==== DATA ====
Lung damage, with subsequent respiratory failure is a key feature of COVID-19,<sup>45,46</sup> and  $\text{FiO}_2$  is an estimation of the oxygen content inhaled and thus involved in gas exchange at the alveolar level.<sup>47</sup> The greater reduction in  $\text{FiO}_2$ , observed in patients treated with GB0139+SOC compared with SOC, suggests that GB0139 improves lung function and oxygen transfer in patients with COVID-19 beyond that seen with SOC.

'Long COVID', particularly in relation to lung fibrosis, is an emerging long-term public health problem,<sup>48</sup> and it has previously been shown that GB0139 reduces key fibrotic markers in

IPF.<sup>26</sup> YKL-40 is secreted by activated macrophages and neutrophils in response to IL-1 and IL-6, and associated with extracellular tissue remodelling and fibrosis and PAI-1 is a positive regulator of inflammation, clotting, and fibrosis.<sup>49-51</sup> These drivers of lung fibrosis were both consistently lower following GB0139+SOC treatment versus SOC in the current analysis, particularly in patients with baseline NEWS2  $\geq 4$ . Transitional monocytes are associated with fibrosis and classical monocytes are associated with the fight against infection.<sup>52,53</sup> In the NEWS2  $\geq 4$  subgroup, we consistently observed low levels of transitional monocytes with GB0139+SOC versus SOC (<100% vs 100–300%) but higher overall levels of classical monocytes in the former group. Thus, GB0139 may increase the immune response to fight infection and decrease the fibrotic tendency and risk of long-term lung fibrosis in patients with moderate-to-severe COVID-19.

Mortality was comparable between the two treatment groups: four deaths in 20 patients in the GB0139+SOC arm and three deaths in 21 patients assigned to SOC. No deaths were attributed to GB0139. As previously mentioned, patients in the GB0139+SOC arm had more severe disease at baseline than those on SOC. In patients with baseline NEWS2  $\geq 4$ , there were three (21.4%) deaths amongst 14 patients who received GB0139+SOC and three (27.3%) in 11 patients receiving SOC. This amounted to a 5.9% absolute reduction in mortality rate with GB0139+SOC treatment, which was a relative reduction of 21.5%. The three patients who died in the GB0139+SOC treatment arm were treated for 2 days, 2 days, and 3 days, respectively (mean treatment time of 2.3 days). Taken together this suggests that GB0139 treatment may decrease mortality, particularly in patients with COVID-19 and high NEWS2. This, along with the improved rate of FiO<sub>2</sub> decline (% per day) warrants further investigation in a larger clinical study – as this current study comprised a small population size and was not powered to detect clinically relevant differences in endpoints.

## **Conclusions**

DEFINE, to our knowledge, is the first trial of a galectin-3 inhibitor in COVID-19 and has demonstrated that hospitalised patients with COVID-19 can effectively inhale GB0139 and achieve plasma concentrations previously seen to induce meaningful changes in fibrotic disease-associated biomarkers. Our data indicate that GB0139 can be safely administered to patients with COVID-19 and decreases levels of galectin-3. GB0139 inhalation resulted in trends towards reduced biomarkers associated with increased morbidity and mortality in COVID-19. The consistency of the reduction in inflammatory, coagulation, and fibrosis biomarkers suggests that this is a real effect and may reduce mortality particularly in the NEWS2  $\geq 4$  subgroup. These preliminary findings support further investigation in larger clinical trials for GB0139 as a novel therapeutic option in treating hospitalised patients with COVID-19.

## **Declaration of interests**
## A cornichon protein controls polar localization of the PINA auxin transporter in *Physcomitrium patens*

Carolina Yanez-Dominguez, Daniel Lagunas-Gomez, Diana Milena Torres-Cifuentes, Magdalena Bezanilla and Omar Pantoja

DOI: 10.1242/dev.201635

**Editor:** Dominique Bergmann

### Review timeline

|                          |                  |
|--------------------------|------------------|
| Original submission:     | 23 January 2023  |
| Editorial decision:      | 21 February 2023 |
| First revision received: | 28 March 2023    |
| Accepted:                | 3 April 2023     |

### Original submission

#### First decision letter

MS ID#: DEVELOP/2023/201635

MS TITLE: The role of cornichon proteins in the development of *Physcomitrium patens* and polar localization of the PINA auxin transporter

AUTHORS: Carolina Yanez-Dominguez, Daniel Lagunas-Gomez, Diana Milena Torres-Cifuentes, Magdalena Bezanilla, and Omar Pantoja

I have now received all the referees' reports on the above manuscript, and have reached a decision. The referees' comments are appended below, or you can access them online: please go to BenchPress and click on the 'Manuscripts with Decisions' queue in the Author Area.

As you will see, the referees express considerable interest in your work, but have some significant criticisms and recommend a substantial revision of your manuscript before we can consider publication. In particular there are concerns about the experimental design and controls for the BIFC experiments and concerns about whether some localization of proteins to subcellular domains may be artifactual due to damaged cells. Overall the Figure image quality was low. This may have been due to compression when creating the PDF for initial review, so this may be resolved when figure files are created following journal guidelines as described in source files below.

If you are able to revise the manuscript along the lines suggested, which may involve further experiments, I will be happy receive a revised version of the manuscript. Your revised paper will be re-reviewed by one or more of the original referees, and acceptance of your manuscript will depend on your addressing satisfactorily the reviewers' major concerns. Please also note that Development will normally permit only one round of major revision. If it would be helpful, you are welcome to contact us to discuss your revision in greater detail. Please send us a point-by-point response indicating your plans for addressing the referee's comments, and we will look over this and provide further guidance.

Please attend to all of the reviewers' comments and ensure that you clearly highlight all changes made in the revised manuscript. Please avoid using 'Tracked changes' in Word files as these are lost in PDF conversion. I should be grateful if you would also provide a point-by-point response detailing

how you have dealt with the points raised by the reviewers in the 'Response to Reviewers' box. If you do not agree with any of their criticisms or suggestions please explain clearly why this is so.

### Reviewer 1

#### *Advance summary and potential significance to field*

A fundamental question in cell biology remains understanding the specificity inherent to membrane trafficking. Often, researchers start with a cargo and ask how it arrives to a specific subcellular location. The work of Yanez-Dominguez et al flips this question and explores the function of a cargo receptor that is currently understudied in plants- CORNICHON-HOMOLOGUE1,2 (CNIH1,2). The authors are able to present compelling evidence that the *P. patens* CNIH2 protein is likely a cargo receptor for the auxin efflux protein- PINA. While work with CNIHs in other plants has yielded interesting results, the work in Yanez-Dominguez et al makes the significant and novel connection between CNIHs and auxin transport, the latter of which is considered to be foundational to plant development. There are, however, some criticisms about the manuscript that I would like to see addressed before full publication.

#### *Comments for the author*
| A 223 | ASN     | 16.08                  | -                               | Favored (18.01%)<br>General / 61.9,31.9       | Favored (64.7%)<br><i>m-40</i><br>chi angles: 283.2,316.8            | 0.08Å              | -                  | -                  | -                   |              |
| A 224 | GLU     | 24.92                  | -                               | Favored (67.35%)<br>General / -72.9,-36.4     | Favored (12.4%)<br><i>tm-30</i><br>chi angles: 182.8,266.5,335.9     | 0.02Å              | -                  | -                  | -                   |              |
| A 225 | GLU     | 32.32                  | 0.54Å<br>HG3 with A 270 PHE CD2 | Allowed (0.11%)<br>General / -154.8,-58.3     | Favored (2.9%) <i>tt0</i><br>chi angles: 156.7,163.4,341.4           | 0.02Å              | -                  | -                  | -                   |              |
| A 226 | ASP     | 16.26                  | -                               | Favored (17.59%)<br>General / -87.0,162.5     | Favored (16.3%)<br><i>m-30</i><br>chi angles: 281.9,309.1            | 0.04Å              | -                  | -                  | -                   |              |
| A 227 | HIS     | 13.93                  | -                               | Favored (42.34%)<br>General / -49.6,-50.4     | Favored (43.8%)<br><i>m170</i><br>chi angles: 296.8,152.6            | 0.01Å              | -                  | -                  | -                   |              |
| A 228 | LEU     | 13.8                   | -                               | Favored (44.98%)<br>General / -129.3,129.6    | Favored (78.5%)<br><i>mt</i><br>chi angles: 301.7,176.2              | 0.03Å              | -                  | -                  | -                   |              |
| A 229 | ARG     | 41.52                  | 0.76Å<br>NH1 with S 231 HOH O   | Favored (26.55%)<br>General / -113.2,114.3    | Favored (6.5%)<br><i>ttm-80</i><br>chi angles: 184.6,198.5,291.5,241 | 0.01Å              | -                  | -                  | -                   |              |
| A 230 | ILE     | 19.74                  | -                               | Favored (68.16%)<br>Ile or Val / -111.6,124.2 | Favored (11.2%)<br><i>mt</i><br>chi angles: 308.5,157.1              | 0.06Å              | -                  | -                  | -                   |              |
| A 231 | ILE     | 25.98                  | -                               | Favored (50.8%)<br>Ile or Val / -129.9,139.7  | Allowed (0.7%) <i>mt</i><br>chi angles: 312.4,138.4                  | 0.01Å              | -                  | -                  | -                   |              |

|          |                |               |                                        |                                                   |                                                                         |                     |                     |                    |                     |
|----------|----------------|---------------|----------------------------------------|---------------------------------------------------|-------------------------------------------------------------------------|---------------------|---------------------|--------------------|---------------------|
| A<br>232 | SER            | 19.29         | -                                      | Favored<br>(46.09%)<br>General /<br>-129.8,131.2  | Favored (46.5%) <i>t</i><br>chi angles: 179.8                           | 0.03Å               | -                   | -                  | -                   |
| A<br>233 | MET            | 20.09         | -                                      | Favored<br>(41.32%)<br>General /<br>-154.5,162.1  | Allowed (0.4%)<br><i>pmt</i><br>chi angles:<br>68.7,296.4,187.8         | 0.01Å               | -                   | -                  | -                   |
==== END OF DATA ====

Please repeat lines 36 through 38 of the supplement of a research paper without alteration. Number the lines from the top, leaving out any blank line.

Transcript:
| A 226 | ASP     | 16.26                  | -                               | Favored (17.59%)<br>General / -87.0,162.5     | Favored (16.3%)<br><i>m-30</i><br>chi angles: 281.9,309.1            | 0.04Å              | -                  | -                  | -                   |              |
| A 227 | HIS     | 13.93                  | -                               | Favored (42.34%)<br>General / -49.6,-50.4     | Favored (43.8%)<br><i>m170</i><br>chi angles: 296.8,152.6            | 0.01Å              | -                  | -                  | -                   |              |
| A 228 | LEU     | 13.8                   | -                               | Favored (44.98%)<br>General / -129.3,129.6    | Favored (78.5%)<br><i>mt</i><br>chi angles: 301.7,176.2              | 0.03Å              | -                  | -                  | -                   |              |